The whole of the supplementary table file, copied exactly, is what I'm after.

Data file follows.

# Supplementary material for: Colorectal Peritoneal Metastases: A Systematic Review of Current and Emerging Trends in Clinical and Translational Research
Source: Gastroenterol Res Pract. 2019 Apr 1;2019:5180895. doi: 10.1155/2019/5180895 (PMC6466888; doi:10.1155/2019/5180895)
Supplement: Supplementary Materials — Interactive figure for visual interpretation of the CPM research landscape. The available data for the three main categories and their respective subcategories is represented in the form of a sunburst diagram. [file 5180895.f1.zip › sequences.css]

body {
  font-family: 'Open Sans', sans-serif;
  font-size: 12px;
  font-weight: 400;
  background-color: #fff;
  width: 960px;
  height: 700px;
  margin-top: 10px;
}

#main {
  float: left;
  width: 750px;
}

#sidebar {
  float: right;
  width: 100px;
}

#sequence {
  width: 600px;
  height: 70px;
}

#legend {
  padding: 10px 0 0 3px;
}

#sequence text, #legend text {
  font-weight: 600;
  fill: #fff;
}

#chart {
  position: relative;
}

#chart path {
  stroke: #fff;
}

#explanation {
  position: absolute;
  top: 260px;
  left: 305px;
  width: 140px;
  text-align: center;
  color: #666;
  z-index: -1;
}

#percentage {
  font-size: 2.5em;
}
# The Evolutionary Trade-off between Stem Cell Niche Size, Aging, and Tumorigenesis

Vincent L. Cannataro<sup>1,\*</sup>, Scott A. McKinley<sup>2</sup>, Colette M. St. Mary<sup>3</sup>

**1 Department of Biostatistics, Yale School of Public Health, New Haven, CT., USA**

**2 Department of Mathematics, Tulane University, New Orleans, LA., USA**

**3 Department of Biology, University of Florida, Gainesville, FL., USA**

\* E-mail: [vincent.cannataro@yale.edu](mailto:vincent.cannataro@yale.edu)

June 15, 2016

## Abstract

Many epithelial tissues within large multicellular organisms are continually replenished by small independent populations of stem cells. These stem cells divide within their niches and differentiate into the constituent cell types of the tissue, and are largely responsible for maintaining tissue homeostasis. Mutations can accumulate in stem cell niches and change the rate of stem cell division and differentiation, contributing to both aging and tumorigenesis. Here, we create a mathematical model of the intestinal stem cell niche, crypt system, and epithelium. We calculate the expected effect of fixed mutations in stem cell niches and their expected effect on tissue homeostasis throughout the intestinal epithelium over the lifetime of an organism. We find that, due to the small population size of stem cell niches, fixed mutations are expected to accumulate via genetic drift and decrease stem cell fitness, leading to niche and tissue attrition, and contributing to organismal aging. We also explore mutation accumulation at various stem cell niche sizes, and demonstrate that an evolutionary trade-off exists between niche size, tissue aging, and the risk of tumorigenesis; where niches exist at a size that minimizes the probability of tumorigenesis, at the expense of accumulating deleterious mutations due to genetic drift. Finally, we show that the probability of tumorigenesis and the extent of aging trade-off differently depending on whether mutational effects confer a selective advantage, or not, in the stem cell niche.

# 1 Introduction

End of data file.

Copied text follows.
# Supplementary material for: Colorectal Peritoneal Metastases: A Systematic Review of Current and Emerging Trends in Clinical and Translational Research
Source: Gastroenterol Res Pract. 2019 Apr 1;2019:5180895. doi: 10.1155/2019/5180895 (PMC6466888; doi:10.1155/2019/5180895)
Supplement: Supplementary Materials — Interactive figure for visual interpretation of the CPM research landscape. The available data for the three main categories and their respective subcategories is represented in the form of a sunburst diagram. [file 5180895.f1.zip › sequences.css]

body {
  font-family: 'Open Sans', sans-serif;
  font-size: 12px;
  font-weight: 400;
  background-color: #fff;
  width: 960px;
  height: 700px;
  margin-top: 10px;
}

#main {
  float: left;
  width: 750px;
}

#sidebar {
  float: right;
  width: 100px;
}

#sequence {
  width: 600px;
  height: 70px;
}

#legend {
  padding: 10px 0 0 3px;
}

#sequence text, #legend text {
  font-weight: 600;
  fill: #fff;
}

#chart {
  position: relative;
}

#chart path {
  stroke: #fff;
}

#explanation {
  position: absolute;
  top: 260px;
  left: 305px;
  width: 140px;
  text-align: center;
  color: #666;
  z-index: -1;
}

#percentage {
  font-size: 2.5em;
}
# The Evolutionary Trade-off between Stem Cell Niche Size, Aging, and Tumorigenesis

Vincent L. Cannataro<sup>1,\*</sup>, Scott A. McKinley<sup>2</sup>, Colette M. St. Mary<sup>3</sup>

**1 Department of Biostatistics, Yale School of Public Health, New Haven, CT., USA**

**2 Department of Mathematics, Tulane University, New Orleans, LA., USA**

**3 Department of Biology, University of Florida, Gainesville, FL., USA**

\* E-mail: [vincent.cannataro@yale.edu](mailto:vincent.cannataro@yale.edu)

June 15, 2016

## Abstract

Many epithelial tissues within large multicellular organisms are continually replenished by small independent populations of stem cells. These stem cells divide within their niches and differentiate into the constituent cell types of the tissue, and are largely responsible for maintaining tissue homeostasis. Mutations can accumulate in stem cell niches and change the rate of stem cell division and differentiation, contributing to both aging and tumorigenesis. Here, we create a mathematical model of the intestinal stem cell niche, crypt system, and epithelium. We calculate the expected effect of fixed mutations in stem cell niches and their expected effect on tissue homeostasis throughout the intestinal epithelium over the lifetime of an organism. We find that, due to the small population size of stem cell niches, fixed mutations are expected to accumulate via genetic drift and decrease stem cell fitness, leading to niche and tissue attrition, and contributing to organismal aging. We also explore mutation accumulation at various stem cell niche sizes, and demonstrate that an evolutionary trade-off exists between niche size, tissue aging, and the risk of tumorigenesis; where niches exist at a size that minimizes the probability of tumorigenesis, at the expense of accumulating deleterious mutations due to genetic drift. Finally, we show that the probability of tumorigenesis and the extent of aging trade-off differently depending on whether mutational effects confer a selective advantage, or not, in the stem cell niche.

# 1 Introduction